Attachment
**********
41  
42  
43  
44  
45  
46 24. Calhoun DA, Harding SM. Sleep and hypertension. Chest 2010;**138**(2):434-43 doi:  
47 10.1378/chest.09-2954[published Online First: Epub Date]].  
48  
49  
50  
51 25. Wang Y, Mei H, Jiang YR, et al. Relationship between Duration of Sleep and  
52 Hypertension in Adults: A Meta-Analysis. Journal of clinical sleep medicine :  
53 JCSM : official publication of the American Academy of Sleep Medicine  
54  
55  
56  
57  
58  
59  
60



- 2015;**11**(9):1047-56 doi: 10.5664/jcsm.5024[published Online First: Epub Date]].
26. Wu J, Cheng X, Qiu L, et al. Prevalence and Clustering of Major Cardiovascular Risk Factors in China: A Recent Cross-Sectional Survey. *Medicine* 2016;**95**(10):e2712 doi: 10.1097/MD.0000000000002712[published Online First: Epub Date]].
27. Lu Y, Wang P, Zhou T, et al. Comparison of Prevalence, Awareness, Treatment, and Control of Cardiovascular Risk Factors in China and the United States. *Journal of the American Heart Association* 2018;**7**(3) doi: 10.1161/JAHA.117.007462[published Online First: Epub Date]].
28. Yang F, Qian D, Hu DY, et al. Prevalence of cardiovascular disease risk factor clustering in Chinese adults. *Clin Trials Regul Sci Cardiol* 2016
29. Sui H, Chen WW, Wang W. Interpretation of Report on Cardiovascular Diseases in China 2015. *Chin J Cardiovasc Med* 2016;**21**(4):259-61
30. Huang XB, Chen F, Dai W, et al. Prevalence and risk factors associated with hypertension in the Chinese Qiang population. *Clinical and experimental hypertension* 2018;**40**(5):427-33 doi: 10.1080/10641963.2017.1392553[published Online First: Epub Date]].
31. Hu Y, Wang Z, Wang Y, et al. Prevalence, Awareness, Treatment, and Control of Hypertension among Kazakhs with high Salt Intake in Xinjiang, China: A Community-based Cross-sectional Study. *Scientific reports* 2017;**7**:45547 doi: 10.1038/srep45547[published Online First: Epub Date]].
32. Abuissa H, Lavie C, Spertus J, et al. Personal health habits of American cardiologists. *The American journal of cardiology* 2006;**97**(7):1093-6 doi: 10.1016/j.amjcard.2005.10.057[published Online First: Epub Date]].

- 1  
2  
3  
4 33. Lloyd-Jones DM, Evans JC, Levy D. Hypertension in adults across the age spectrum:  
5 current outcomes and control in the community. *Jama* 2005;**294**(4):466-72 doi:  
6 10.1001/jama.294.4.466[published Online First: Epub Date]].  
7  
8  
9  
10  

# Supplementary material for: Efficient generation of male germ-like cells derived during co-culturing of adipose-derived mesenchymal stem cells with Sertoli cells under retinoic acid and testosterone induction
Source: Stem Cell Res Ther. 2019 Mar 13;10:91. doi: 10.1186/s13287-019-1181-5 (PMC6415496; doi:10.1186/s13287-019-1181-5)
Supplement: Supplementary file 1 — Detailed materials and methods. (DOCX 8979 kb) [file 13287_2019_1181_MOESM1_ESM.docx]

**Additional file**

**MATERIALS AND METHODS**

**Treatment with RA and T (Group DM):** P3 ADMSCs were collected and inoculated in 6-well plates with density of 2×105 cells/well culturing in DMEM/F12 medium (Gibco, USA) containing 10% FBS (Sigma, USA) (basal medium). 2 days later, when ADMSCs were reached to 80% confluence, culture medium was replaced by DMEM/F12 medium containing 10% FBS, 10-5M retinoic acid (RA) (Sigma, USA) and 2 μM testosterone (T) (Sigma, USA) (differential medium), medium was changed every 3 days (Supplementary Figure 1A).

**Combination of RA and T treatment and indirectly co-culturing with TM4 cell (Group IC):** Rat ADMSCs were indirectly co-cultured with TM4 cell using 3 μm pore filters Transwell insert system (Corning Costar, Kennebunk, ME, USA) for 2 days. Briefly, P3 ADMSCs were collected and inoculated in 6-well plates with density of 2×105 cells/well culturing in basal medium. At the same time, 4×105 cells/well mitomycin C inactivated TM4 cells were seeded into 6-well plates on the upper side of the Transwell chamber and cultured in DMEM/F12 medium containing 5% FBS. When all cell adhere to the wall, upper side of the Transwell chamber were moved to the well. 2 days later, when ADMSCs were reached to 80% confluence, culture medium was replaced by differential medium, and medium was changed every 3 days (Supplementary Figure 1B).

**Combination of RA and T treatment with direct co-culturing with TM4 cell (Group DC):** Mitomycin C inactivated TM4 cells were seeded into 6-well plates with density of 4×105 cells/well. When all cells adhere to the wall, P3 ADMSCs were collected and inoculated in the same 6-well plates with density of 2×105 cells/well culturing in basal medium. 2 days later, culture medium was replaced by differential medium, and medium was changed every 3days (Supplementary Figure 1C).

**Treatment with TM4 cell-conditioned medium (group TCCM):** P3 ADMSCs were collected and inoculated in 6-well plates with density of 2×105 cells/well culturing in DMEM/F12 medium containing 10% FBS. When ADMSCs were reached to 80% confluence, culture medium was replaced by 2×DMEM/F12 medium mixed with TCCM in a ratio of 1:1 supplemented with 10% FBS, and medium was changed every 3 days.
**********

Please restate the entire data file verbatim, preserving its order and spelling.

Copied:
41  
42  
43  
44  
45  
46 24. Calhoun DA, Harding SM. Sleep and hypertension. Chest 2010;**138**(2):434-43 doi:  
47 10.1378/chest.09-2954[published Online First: Epub Date]].  
48  
49  
50  
51 25. Wang Y, Mei H, Jiang YR, et al. Relationship between Duration of Sleep and  
52 Hypertension in Adults: A Meta-Analysis. Journal of clinical sleep medicine :  
53 JCSM : official publication of the American Academy of Sleep Medicine  
54  
55  
56  
57  
58  
59  
60



- 2015;**11**(9):1047-56 doi: 10.5664/jcsm.5024[published Online First: Epub Date]].
26. Wu J, Cheng X, Qiu L, et al. Prevalence and Clustering of Major Cardiovascular Risk Factors in China: A Recent Cross-Sectional Survey. *Medicine* 2016;**95**(10):e2712 doi: 10.1097/MD.0000000000002712[published Online First: Epub Date]].
27. Lu Y, Wang P, Zhou T, et al. Comparison of Prevalence, Awareness, Treatment, and Control of Cardiovascular Risk Factors in China and the United States. *Journal of the American Heart Association* 2018;**7**(3) doi: 10.1161/JAHA.117.007462[published Online First: Epub Date]].
28. Yang F, Qian D, Hu DY, et al. Prevalence of cardiovascular disease risk factor clustering in Chinese adults. *Clin Trials Regul Sci Cardiol* 2016
29. Sui H, Chen WW, Wang W. Interpretation of Report on Cardiovascular Diseases in China 2015. *Chin J Cardiovasc Med* 2016;**21**(4):259-61
30. Huang XB, Chen F, Dai W, et al. Prevalence and risk factors associated with hypertension in the Chinese Qiang population. *Clinical and experimental hypertension* 2018;**40**(5):427-33 doi: 10.1080/10641963.2017.1392553[published Online First: Epub Date]].
31. Hu Y, Wang Z, Wang Y, et al. Prevalence, Awareness, Treatment, and Control of Hypertension among Kazakhs with high Salt Intake in Xinjiang, China: A Community-based Cross-sectional Study. *Scientific reports* 2017;**7**:45547 doi: 10.1038/srep45547[published Online First: Epub Date]].
32. Abuissa H, Lavie C, Spertus J, et al. Personal health habits of American cardiologists. *The American journal of cardiology* 2006;**97**(7):1093-6 doi: 10.1016/j.amjcard.2005.10.057[published Online First: Epub Date]].

- 1  
2  
3  
4 33. Lloyd-Jones DM, Evans JC, Levy D. Hypertension in adults across the age spectrum:  
5 current outcomes and control in the community. *Jama* 2005;**294**(4):466-72 doi:  
6 10.1001/jama.294.4.466[published Online First: Epub Date]].  
7  
8  
9  
10  

# Supplementary material for: Efficient generation of male germ-like cells derived during co-culturing of adipose-derived mesenchymal stem cells with Sertoli cells under retinoic acid and testosterone induction
Source: Stem Cell Res Ther. 2019 Mar 13;10:91. doi: 10.1186/s13287-019-1181-5 (PMC6415496; doi:10.1186/s13287-019-1181-5)
Supplement: Supplementary file 1 — Detailed materials and methods. (DOCX 8979 kb) [file 13287_2019_1181_MOESM1_ESM.docx]

**Additional file**

**MATERIALS AND METHODS**

**Treatment with RA and T (Group DM):** P3 ADMSCs were collected and inoculated in 6-well plates with density of 2×105 cells/well culturing in DMEM/F12 medium (Gibco, USA) containing 10% FBS (Sigma, USA) (basal medium). 2 days later, when ADMSCs were reached to 80% confluence, culture medium was replaced by DMEM/F12 medium containing 10% FBS, 10-5M retinoic acid (RA) (Sigma, USA) and 2 μM testosterone (T) (Sigma, USA) (differential medium), medium was changed every 3 days (Supplementary Figure 1A).

**Combination of RA and T treatment and indirectly co-culturing with TM4 cell (Group IC):** Rat ADMSCs were indirectly co-cultured with TM4 cell using 3 μm pore filters Transwell insert system (Corning Costar, Kennebunk, ME, USA) for 2 days. Briefly, P3 ADMSCs were collected and inoculated in 6-well plates with density of 2×105 cells/well culturing in basal medium. At the same time, 4×105 cells/well mitomycin C inactivated TM4 cells were seeded into 6-well plates on the upper side of the Transwell chamber and cultured in DMEM/F12 medium containing 5% FBS. When all cell adhere to the wall, upper side of the Transwell chamber were moved to the well. 2 days later, when ADMSCs were reached to 80% confluence, culture medium was replaced by differential medium, and medium was changed every 3 days (Supplementary Figure 1B).

**Combination of RA and T treatment with direct co-culturing with TM4 cell (Group DC):** Mitomycin C inactivated TM4 cells were seeded into 6-well plates with density of 4×105 cells/well. When all cells adhere to the wall, P3 ADMSCs were collected and inoculated in the same 6-well plates with density of 2×105 cells/well culturing in basal medium. 2 days later, culture medium was replaced by differential medium, and medium was changed every 3days (Supplementary Figure 1C).

**Treatment with TM4 cell-conditioned medium (group TCCM):** P3 ADMSCs were collected and inoculated in 6-well plates with density of 2×105 cells/well culturing in DMEM/F12 medium containing 10% FBS. When ADMSCs were reached to 80% confluence, culture medium was replaced by 2×DMEM/F12 medium mixed with TCCM in a ratio of 1:1 supplemented with 10% FBS, and medium was changed every 3 days.